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How to write a job ad that makes your organisation look professional and doesn’t deter applicants

Do you know how much your organisation’s writing projects the image and “personality” of the organisation?

Even the writing in job ads reflects whether an organisation is “solid, dependable and thorough” or shambolic.

TB CRE

When I advise organisations how to improve business writing, I often stress the importance of the writing in job ads. Many job ads seem to re-hash old job descriptions. Many are filled with errors – even though the job ads demand “attention to detail” and “strong writing skills” from applicants.

I encourage organisations to oversee the writing (even if the writing is done externally by a recruitment agency) as any poor writing can reflect on the organisation.

To illustrate the importance of “solid writing”, I’ll use two examples – one good (hard to find) and one that’s not-so-good (all too common in job ads). Of course, I have kept the examples “anonymous” – with Xs for organisation names.

To write a strong and solid job ad, it helps to write in parallel structure – where bullet points use the same sort of word rather than mixing up verbs and nouns.

Here is a good example where all the points are parallel – consistent with the same sort of word. I emphasise with bold the parallel structure.

Responsibilities include:

Planning, writing, editing and proofreading various communication materials — marketing collateral, web/digital media copy, internal communication, corporate presentations/publications
Managing implementation of key communication programs and projects
Working with facility managers to develop and implement local communication action plans as part of the broader strategy
Managing communication for X’s development projects, including overseeing third-party suppliers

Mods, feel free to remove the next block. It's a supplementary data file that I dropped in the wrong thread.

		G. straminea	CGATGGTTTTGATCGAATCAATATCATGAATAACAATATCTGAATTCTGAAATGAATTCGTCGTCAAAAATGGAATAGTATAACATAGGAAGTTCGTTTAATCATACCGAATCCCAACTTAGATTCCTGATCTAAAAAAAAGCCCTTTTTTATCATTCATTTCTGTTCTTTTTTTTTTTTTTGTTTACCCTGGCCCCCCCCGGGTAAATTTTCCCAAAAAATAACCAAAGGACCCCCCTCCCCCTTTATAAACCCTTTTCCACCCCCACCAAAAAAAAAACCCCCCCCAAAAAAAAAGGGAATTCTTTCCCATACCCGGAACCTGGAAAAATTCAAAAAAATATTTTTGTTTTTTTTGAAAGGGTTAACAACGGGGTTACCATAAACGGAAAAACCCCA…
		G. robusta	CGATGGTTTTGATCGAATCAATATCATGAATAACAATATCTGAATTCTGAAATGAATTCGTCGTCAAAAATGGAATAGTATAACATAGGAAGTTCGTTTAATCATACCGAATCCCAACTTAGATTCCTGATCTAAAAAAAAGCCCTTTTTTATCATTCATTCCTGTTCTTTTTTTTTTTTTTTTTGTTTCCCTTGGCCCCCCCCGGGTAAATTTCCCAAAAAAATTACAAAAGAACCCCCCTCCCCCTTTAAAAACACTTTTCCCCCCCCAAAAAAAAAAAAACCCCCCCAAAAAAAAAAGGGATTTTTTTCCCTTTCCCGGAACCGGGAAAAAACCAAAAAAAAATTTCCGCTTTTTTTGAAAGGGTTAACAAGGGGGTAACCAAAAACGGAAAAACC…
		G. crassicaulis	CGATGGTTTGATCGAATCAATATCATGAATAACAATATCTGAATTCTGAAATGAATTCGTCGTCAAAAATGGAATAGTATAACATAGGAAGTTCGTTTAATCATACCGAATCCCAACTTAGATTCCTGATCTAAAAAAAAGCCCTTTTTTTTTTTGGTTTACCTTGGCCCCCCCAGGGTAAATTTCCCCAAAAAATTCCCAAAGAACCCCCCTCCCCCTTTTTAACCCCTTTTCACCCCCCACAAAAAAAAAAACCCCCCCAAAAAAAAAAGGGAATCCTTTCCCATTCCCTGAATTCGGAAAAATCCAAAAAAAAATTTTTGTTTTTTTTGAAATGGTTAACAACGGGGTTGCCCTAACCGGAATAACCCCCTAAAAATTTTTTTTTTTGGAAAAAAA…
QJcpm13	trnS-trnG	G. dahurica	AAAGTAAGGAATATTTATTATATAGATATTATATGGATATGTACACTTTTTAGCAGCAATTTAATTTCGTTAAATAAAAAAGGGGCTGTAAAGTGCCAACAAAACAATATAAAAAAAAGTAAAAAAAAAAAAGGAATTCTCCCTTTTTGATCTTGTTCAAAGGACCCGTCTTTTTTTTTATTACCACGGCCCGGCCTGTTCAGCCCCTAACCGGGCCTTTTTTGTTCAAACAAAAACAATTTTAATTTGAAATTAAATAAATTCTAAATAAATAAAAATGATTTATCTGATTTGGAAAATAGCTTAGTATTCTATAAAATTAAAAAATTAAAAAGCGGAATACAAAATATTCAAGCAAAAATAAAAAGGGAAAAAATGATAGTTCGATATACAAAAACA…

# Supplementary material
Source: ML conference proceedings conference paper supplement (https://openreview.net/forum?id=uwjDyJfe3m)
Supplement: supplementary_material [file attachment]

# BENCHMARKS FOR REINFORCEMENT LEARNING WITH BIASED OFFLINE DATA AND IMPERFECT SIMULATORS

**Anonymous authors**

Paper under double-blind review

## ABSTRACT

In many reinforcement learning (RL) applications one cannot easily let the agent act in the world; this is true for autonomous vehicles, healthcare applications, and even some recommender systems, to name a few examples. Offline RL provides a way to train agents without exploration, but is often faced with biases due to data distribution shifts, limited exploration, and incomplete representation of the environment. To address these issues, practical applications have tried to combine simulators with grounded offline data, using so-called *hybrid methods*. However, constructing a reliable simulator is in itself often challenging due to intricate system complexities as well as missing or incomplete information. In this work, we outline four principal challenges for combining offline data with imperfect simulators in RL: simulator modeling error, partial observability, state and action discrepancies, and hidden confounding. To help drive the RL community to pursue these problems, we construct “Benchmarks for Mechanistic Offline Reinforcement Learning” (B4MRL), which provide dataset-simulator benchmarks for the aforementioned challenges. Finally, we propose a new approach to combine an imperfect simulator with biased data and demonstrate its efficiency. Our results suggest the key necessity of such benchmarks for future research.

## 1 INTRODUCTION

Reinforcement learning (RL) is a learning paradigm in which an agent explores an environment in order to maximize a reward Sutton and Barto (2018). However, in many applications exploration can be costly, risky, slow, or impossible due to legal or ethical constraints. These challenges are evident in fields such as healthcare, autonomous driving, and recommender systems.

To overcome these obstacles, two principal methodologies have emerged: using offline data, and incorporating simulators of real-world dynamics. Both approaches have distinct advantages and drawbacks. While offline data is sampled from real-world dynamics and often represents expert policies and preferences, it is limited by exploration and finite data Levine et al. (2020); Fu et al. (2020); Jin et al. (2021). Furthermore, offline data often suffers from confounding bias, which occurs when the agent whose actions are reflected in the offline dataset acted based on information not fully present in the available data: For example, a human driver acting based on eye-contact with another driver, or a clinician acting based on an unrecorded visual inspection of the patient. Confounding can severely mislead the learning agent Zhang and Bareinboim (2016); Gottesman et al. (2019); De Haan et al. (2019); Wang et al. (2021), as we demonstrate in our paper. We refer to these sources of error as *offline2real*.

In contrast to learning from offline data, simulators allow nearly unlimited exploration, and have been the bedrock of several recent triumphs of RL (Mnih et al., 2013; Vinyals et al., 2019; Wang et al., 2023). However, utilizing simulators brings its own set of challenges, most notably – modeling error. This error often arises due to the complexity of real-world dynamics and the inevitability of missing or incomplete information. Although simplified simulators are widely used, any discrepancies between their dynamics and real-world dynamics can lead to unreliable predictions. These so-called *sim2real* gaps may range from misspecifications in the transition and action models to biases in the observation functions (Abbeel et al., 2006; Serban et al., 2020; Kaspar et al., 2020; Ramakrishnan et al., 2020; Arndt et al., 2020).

Developing and managing a calendar of media and other profile-building opportunities
Building positive relationships with X’s executive team and senior leaders

Here is a not-so-good example:

The Role
. Develop the media strategy to raise Y’s brand awareness and engage stakeholders
. Event management, in conjunction with our Fundraising department
. Community engagement
. Accountability for media & communications performance
. Proactively initiate media opportunities and stories to promote Y
. Deliver mission information, photos, vision to representatives of the media
. Manage a small team
. Identify and develop creative solutions and strategies relating to corporate reputation and community engagement

Can you see how these points are not parallel? The writing mixes up nouns and verbs.

It’s not that hard to write in parallel form as the good example shows.
If you wanted the fix the second example – just start each point with a verb – as many of the points are already written in verbs. Put verbs in front of the nouns – e.g. instead of the “noun” Event Management – Manage Events or Organise Event Management.

You don’t have to write in verbs – however when the first words of bullet points are verbs, the theory is that the action verbs “propel each point” and emphasises what a reader must DO. Nouns are acceptable but static and bureaucratic and official. The important thing is consistency – starting points with the same type of word.

As I mentioned, from my experience in helping a variety of industries, many organisations just re-hash old job ads/job responsibilities.

It’s not that hard to look at old descriptions and tweak the points into parallel form.

Some recruiters may think that the audience (job applicants) are so keen for a job that the writing of the job ad doesn’t really matter. It’s a one-way street. Maybe that’s true.

However, let me just add that many smart professionals and executives I know judge the organisation by the writing and many don’t even apply BECAUSE of errors in the job ad.

For example, I’ve seen appalling job ads that were far worse than the above not-so-good example.

This was a real job ad that got sent out!

Eperienced Online Marketing specialist wanted!
join a growing orgnanisation

superior communciations skills
prior experince with creative flair and attenton to detail

How would you feel about the organisation if you read the error-riddled job ad?

My main messages to you:

1. Care about the image your organisation’s writing projects
2. Improve old job ads/descriptions
3. Write in parallel structure

————–

TB LL mosaic
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I blog about fun pop culture stuff as well as more serious business communication tips.

I’ve disciplined my self to check ALL my different communication platforms twice a day – as part of my Check-in Ritual.

Twitter

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2 comments on “How to write a job ad that makes your organisation look professional and doesn’t deter applicants

  1. David Herbert
    November 3, 2015

    Hmmm Pick the job ad from the Government Department.

  2. efangelist
    February 18, 2016

    Reblogged this on efangelist.

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This entry was posted on November 3, 2015 by in Uncategorized and tagged , , , .
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